Veteran filmmaker Vishal Bhardwaj’s pre-Independence drama Rangoon hit the theatres on 24 February. The film is set in 1943 when British India participated in World War II. As the title suggests, the film is centred around an Army regiment stationed along the Indo-Burma border. It has been shot in Arunachal Pradesh and Manipur, and the beautiful picturisation is evident.
The sight of a vintage train passing through dense forests and over a bridge is just blissful. While watching the film, I could not keep my eyes away from the exotic locations in the North-East. A question out of nowhere popped up in my mind, which I am sharing with you people. Has the Hindi cinema actually utilised this part of India in a manner it should have been?
Last year, the union ministry of information and broadcasting set up the Film Facilitation Office (FFO) with an aim of providing a single window clearance to the filmmakers and promote India as a filmmaking destination. Last year in November, the Narendra Modi government had also set up a film promotion fund under which it would provide assistance to the films which are selected for international film festivals, as well as India’s official entry to the Oscars. Just see this song from Rangoon which captures the picturesque North East.
But formulating policies will not yield any benefit if the filmmakers do not step up to explore north-east as an ideal filming location. Last year, Farhan Akhtar-starrer Rock On 2 was shot in Meghalaya. Later, Akhtar said that more films could be shot in this region in future. Sadly, the north-eastern part of the country has been ignored both in terms of location and creative aspects.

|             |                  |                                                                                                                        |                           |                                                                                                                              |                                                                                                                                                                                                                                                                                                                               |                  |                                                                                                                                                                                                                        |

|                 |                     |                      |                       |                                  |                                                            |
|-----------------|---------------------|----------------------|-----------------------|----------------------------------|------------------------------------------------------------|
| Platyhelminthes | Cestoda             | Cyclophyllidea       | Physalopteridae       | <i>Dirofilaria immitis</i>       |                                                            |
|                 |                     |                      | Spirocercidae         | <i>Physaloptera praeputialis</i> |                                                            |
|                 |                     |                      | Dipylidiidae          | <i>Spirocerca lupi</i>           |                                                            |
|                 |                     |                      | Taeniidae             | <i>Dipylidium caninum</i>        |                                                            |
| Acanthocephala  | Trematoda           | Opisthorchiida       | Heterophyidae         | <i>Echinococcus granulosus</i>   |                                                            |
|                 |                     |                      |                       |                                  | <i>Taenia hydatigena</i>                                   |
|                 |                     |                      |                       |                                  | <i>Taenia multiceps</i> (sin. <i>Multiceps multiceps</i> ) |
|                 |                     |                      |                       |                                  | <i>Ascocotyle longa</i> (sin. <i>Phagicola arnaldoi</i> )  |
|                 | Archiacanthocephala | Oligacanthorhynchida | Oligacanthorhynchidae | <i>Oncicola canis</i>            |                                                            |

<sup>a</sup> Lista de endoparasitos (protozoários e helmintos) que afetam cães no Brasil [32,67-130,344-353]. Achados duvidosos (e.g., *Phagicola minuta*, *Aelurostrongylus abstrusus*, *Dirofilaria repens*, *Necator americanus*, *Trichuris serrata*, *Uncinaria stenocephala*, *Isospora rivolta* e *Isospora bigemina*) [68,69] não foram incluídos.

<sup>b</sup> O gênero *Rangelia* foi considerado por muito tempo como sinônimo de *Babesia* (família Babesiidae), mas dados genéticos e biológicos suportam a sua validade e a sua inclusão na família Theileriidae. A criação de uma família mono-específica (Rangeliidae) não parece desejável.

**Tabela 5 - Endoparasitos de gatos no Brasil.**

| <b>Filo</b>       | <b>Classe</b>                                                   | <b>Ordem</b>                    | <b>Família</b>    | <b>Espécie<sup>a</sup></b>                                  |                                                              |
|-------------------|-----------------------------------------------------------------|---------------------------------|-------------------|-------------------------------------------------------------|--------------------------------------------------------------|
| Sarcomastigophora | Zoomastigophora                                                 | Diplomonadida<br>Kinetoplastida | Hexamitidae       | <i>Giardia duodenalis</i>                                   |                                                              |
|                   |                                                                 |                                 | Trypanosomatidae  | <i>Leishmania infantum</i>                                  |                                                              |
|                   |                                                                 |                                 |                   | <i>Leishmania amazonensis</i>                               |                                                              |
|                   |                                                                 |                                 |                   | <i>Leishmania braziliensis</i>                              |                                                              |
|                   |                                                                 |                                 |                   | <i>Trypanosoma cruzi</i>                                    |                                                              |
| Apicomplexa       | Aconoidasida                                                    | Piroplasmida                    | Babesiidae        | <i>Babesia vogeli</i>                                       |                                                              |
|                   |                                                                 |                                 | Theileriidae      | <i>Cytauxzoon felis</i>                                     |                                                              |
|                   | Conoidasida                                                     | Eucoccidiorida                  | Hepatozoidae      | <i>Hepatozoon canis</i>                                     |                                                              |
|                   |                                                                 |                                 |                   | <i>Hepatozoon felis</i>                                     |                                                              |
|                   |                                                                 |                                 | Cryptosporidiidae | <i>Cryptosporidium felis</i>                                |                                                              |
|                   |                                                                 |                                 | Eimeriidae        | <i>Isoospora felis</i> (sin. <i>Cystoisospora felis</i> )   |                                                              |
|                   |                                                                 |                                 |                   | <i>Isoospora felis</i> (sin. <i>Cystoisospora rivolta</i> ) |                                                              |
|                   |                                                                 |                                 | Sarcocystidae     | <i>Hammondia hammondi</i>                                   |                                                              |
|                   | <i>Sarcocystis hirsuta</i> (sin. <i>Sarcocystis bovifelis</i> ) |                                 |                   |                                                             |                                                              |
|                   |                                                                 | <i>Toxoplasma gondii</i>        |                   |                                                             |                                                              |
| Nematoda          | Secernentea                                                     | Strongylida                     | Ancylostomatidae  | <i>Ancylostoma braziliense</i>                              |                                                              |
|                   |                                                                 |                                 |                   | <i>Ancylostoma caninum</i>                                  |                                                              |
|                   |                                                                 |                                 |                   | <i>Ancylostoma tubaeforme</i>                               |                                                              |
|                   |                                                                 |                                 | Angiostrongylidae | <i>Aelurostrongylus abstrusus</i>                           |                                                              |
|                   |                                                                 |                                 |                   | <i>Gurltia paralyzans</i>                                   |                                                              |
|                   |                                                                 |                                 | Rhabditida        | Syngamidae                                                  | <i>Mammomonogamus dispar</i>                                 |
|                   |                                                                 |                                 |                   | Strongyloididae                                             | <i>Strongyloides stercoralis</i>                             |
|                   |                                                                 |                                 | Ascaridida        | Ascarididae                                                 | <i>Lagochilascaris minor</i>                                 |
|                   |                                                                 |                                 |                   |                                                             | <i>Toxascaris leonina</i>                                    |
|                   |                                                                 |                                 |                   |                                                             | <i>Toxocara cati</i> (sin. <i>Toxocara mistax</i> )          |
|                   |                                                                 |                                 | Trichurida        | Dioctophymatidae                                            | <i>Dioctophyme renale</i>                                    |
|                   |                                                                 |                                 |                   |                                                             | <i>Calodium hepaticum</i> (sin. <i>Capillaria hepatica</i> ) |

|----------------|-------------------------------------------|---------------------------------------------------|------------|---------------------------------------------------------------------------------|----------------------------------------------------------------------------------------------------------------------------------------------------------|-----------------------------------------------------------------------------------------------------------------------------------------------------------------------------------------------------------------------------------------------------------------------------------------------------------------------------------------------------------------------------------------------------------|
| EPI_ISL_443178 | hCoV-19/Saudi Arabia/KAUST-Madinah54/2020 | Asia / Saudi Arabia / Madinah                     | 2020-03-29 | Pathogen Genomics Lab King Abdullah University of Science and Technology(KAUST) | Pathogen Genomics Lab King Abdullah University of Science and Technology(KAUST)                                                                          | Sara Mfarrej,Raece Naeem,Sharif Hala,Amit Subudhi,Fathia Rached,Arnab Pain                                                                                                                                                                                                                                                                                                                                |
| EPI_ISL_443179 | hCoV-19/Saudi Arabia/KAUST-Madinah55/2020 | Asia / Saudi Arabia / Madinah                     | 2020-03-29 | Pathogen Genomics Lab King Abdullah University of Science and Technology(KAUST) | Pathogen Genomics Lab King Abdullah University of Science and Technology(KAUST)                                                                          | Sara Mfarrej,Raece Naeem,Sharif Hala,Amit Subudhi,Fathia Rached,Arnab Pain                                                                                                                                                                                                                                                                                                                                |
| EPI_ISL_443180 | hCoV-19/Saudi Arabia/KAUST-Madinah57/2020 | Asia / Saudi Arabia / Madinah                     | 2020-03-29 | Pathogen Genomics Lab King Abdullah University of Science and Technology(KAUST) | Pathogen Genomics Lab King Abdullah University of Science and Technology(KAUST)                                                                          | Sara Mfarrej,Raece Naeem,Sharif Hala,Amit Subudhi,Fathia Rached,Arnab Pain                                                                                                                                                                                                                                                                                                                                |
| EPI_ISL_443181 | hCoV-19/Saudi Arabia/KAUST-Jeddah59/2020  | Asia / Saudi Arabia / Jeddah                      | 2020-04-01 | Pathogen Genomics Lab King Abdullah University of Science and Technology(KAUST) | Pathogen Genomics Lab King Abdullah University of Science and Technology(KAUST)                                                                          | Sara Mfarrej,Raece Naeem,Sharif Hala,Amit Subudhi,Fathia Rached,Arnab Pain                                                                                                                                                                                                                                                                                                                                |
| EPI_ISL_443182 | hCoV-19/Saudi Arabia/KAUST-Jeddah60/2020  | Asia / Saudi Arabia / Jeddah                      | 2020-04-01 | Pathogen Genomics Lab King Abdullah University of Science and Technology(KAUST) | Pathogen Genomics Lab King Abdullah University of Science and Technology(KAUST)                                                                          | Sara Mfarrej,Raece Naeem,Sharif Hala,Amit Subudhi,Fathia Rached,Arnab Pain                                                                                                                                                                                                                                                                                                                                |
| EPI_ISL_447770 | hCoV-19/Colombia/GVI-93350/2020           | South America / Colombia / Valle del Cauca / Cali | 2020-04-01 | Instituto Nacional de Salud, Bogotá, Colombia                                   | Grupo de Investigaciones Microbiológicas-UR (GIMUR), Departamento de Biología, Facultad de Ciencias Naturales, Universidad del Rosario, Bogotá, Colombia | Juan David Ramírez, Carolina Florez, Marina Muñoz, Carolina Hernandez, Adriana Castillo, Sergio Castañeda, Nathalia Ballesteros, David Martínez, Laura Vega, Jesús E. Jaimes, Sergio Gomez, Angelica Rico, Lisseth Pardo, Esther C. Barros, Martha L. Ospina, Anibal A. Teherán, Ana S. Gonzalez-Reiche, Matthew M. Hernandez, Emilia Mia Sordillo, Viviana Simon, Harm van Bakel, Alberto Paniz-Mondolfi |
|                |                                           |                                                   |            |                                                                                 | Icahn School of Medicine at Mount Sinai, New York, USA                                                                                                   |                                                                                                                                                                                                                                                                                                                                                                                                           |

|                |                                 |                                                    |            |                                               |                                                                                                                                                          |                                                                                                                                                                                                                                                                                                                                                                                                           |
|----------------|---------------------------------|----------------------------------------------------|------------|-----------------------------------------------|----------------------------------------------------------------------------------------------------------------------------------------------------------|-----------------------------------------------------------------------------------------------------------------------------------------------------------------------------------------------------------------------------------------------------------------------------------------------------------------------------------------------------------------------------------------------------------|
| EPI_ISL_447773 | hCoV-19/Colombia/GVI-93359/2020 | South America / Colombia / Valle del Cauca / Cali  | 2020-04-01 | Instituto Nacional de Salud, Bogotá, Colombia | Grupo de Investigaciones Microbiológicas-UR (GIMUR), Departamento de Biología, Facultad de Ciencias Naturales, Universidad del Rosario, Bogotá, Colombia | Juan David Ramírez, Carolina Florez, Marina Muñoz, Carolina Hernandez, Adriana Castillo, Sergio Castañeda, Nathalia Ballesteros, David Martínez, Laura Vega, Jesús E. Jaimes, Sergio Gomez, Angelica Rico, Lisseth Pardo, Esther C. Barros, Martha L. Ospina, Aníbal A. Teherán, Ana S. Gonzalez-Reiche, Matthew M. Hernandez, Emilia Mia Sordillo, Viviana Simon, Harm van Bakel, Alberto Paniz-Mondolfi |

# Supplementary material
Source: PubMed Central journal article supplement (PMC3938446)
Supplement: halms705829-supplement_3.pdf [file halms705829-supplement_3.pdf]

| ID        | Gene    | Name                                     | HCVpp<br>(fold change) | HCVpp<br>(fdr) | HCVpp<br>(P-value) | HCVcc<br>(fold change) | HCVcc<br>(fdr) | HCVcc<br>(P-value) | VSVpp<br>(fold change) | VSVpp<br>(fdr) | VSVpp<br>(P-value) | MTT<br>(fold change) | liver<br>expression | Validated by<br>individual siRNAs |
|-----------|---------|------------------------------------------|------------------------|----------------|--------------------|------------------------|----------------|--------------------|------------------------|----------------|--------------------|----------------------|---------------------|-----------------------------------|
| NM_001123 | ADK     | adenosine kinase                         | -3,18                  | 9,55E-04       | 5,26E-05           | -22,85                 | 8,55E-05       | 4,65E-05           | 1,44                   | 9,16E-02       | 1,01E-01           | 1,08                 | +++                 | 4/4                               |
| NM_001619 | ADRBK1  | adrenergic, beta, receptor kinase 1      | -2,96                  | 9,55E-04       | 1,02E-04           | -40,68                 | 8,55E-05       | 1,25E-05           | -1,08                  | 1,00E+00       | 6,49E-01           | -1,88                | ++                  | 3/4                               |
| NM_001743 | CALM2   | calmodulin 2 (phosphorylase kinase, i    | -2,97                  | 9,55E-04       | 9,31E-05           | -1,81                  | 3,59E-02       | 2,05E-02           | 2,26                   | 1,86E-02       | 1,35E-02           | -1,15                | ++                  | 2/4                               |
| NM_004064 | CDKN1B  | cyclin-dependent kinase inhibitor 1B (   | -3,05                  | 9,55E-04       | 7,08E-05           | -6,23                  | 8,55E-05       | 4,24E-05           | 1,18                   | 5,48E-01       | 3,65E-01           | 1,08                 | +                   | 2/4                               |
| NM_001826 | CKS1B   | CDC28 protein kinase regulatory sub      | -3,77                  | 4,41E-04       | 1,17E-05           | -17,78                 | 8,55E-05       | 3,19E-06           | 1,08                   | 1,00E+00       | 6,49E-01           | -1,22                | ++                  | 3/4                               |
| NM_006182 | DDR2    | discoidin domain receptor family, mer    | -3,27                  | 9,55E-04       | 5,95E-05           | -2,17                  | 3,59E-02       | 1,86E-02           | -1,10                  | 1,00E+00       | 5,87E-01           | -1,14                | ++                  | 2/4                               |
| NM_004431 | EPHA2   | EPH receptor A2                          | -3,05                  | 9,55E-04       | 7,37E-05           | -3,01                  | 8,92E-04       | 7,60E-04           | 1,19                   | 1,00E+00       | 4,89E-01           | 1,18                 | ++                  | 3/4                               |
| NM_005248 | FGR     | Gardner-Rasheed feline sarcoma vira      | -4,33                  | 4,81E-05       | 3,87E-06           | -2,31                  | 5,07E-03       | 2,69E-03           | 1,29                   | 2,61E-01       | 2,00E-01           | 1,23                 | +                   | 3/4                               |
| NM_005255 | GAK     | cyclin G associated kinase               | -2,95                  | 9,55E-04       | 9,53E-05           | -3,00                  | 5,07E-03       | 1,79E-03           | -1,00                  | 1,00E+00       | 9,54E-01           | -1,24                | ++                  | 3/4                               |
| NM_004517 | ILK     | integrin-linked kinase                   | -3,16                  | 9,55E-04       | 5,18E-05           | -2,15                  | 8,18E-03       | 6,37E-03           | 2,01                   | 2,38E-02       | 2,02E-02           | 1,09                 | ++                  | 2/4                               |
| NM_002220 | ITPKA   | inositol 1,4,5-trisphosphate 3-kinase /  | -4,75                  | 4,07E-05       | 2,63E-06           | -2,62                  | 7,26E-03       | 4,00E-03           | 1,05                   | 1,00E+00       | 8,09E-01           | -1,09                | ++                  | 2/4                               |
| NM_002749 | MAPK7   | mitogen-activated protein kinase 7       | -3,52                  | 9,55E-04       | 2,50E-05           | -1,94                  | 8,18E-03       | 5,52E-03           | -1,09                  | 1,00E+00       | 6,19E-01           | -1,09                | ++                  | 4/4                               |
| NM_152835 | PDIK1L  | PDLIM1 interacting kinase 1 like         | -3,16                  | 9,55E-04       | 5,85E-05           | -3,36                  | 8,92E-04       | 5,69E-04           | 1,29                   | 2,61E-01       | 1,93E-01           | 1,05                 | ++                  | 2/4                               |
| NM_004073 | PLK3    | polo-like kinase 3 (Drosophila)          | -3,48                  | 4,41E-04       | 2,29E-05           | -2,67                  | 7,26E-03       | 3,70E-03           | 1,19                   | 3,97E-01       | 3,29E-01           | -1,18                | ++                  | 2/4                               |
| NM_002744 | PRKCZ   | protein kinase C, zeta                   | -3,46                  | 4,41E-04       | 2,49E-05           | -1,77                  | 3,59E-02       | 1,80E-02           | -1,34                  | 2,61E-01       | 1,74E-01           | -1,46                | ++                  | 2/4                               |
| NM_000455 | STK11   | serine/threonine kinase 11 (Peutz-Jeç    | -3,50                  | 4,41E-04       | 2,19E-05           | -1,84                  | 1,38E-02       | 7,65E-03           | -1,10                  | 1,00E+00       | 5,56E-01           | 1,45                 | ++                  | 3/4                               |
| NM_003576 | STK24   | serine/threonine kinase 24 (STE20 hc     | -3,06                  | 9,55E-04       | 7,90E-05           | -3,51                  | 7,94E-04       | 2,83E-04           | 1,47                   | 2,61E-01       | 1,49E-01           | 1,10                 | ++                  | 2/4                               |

In recent times, one state which has been on the radar of filmmakers is Rajasthan. Blockbusters like Bajrangi Bhaijaan and PK had a connection with the desert state in terms of plot. On the other hand, films like Shuddh Desi Romance and the upcoming Badrinath Ki Dulhania have links to Rajasthan. Similarly, Uttar Pradesh and Madhya Pradesh have been sought by directors for their ventures. Prakash Jha has filmed Raajneeti, Aarakshan, Chakravyuh in Madhya Pradesh.
But barring Rangoon, have we seen any mainstream Bollywood film centered in North East? Is it because of the age-old stereotype that the seven sisters are all about gun-toting militants wandering in tea plantations? Or, endless demonstrations against the Indian government in these states?
When films like Haider can go on in Kashmir without any trouble, North East is still a safe bet and replete with beautiful locations. So, the filmmakers need to show inclination and a bit of risk to highlight this portion of India among the masses. It might help in erasing several stereotypes about the North East.